Reality Check

Every week I watch a group of 16 and 17 year olds dressed in their parent’s clothing attempt to please a hairy businessman for the chance to win money.

I am of course talking about the Young Apprentice, the latest reality TV show which has turned it’s attention to the younger generation. In it’s second year, this spin off from the main show features 16 and 17 year olds as opposed to the usual adult contestants.

But that is where the differences begin and end. Both groups have impressive resumes, display desperate attempts to be taken seriously, and inevitably disappoint.

I spend most of the show comparing myself to these teenagers. Despite being 3 years younger than me, the Young Apprentice contestants boast a published author and an award winning fashion designer amongst their ranks. My greatest achievement is summoning the energy to go to all of my lectures that day.

However over time it becomes clear that the contestants may look wonderful on paper, but in reality they’re not all that. They have achieved some wonderful things but dressing up in a suit doesn’t change the fact that they’re still children.

Over time the claws come out and the contestants begin to make obvious mistakes. A personal highlight came in the first episode when a group of contestants couldn’t convert simple measurements, an incident that was particularly embarrassing when Lord Alan Sugar revealed many of them received A* grades in GCSE Maths.

As expected, there have been concerns over the wellbeing of these contestants. Alan Sugar isn’t known for being a cuddly teddy bear, but he does seem to soften up when speaking to the younger contestants.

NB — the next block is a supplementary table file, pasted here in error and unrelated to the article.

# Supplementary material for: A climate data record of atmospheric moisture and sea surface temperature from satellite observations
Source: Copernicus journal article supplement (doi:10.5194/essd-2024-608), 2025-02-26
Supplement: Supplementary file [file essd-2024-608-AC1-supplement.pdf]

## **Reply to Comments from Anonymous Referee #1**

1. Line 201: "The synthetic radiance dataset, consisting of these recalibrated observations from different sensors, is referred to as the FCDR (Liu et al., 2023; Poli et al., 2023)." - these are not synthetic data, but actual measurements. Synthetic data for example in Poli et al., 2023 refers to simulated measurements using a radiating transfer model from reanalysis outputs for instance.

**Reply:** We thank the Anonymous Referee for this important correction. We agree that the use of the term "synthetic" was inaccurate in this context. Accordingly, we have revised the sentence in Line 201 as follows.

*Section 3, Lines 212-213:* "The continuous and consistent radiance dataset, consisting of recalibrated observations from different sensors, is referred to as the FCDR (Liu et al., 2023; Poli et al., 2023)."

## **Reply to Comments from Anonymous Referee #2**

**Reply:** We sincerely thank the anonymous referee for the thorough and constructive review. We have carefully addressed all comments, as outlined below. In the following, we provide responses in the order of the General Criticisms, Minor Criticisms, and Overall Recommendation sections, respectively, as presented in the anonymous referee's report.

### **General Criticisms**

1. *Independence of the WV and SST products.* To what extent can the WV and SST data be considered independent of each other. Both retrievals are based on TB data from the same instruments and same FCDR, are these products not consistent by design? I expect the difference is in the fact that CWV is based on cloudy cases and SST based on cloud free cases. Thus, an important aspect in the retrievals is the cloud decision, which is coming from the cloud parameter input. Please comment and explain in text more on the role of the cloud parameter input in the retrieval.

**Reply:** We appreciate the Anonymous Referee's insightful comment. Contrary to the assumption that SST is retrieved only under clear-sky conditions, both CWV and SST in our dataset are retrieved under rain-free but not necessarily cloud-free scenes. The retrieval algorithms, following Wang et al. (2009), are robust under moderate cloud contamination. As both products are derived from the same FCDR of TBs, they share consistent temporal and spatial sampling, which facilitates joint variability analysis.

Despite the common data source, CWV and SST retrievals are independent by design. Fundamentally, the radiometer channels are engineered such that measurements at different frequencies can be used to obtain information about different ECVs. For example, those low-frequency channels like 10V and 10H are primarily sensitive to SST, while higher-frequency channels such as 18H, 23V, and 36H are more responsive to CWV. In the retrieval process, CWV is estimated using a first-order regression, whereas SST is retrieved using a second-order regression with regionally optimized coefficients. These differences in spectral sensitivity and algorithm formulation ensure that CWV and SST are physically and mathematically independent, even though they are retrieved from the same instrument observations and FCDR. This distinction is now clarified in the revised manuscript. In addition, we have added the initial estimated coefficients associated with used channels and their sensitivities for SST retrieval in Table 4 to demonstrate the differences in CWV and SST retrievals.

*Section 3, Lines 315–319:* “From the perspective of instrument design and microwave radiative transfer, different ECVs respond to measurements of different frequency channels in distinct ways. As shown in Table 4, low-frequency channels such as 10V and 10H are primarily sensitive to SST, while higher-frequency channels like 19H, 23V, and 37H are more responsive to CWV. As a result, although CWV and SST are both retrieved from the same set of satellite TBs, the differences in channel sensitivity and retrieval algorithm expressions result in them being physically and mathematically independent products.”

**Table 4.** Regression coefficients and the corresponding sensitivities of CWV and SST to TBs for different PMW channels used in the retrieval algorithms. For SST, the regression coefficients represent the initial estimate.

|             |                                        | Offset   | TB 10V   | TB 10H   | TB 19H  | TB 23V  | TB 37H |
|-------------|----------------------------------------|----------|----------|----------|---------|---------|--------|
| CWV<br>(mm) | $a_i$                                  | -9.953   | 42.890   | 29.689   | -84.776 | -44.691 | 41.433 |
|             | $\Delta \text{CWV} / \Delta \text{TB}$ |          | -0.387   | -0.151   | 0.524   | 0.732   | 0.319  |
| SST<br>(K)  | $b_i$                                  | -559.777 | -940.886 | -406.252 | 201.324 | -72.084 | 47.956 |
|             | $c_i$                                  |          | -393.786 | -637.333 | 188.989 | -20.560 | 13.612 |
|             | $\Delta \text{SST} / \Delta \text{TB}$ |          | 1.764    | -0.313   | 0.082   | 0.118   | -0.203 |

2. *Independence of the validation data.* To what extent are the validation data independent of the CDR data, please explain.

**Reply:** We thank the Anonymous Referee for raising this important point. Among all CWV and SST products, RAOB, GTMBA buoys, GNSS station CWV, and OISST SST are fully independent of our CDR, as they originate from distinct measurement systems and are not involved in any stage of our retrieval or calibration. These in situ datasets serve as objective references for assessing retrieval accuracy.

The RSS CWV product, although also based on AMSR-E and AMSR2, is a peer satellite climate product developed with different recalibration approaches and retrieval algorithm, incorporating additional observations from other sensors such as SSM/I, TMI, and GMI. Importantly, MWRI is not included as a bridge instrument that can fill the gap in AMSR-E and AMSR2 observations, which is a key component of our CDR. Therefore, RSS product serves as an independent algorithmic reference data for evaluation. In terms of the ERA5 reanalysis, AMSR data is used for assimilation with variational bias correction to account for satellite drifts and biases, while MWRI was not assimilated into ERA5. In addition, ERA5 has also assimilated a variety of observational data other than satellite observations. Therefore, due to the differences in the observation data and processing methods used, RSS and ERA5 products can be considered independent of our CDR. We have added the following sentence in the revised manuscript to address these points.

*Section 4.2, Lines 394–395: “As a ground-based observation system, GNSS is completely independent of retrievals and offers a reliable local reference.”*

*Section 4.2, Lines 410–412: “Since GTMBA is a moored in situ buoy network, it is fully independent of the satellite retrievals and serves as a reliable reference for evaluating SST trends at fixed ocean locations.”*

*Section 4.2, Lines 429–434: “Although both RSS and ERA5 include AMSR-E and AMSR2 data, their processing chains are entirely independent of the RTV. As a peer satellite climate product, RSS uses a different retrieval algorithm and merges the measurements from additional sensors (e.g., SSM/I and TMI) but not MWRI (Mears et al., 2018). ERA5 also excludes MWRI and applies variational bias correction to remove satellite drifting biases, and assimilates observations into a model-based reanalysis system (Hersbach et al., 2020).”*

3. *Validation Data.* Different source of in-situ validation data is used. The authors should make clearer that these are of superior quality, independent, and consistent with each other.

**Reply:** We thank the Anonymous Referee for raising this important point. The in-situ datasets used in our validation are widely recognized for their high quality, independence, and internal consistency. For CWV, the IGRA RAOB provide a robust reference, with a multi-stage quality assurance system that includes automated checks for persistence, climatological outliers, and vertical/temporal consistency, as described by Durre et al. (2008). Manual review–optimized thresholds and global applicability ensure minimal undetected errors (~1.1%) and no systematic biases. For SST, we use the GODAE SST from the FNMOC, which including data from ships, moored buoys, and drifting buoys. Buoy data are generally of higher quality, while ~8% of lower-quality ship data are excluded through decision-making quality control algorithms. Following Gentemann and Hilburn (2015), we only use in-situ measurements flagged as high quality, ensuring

Last year one boy was sent home because he felt a bit ill, hardly the sign of a rigorous interview process. But it’s true that appearing on a show like this provokes overwhelming public scrutiny.

Every embarrassing mistake the contestants make is captured on camera and broadcast to an audience waiting with baited breath for someone to slip up.

With the power of social media, a facebook group can be set up a matter of seconds after an event and this just serves to perpetuate the embarrassment. It’s impossible for a 16 year old to experience this sudden media attention without letting it get under their skin.

The concerns over young people in reality TV shows has become even more relevant with the return of The X Factor. Although the Over 25s category remains, the focus inevitably lies on the younger singers. With contestants as young as 16, many question the effect that intense public criticism can have.

Last year divisive 17 year old contestant Cher Lloyd received death threats and cyber-bullying has become a problem for many of the young contestants.

This year the bullying issue has been taken over by drugs scandals. 18 year old contestant Frankie Cocozza was removed from the show after engaging in a rumoured cocaine binge funded by money he received from X Factor producers. Frankie’s activities were initially encouraged by his mentor Gary Barlow.

He was seen as a young heartthrob whose cheeky antics would win over the female voters. Although it seems his behaviour wasn’t exactly exemplary before the show, it’s clear that the X Factor intensified his attitude.

Not only do contestants have to face the incredible stress of being in the public eye, but there’s always the possibility that they will be exposed to the dangerous side of celebrity.

Reality TV shows provide an incredible opportunity for young people to make something of themselves, whether that be in business, music or any of the other fields covered by these shows.

But it’s all too easy to ignore the potential damage shows like this can have.

Not only do young participants have to face the stress of public embarrassment but they may have to deal with hatred and bullying on a level that no young person should have to experience.

It may seem on the surface like they have everything, but in reality I think I’m better off on the other side of the TV.

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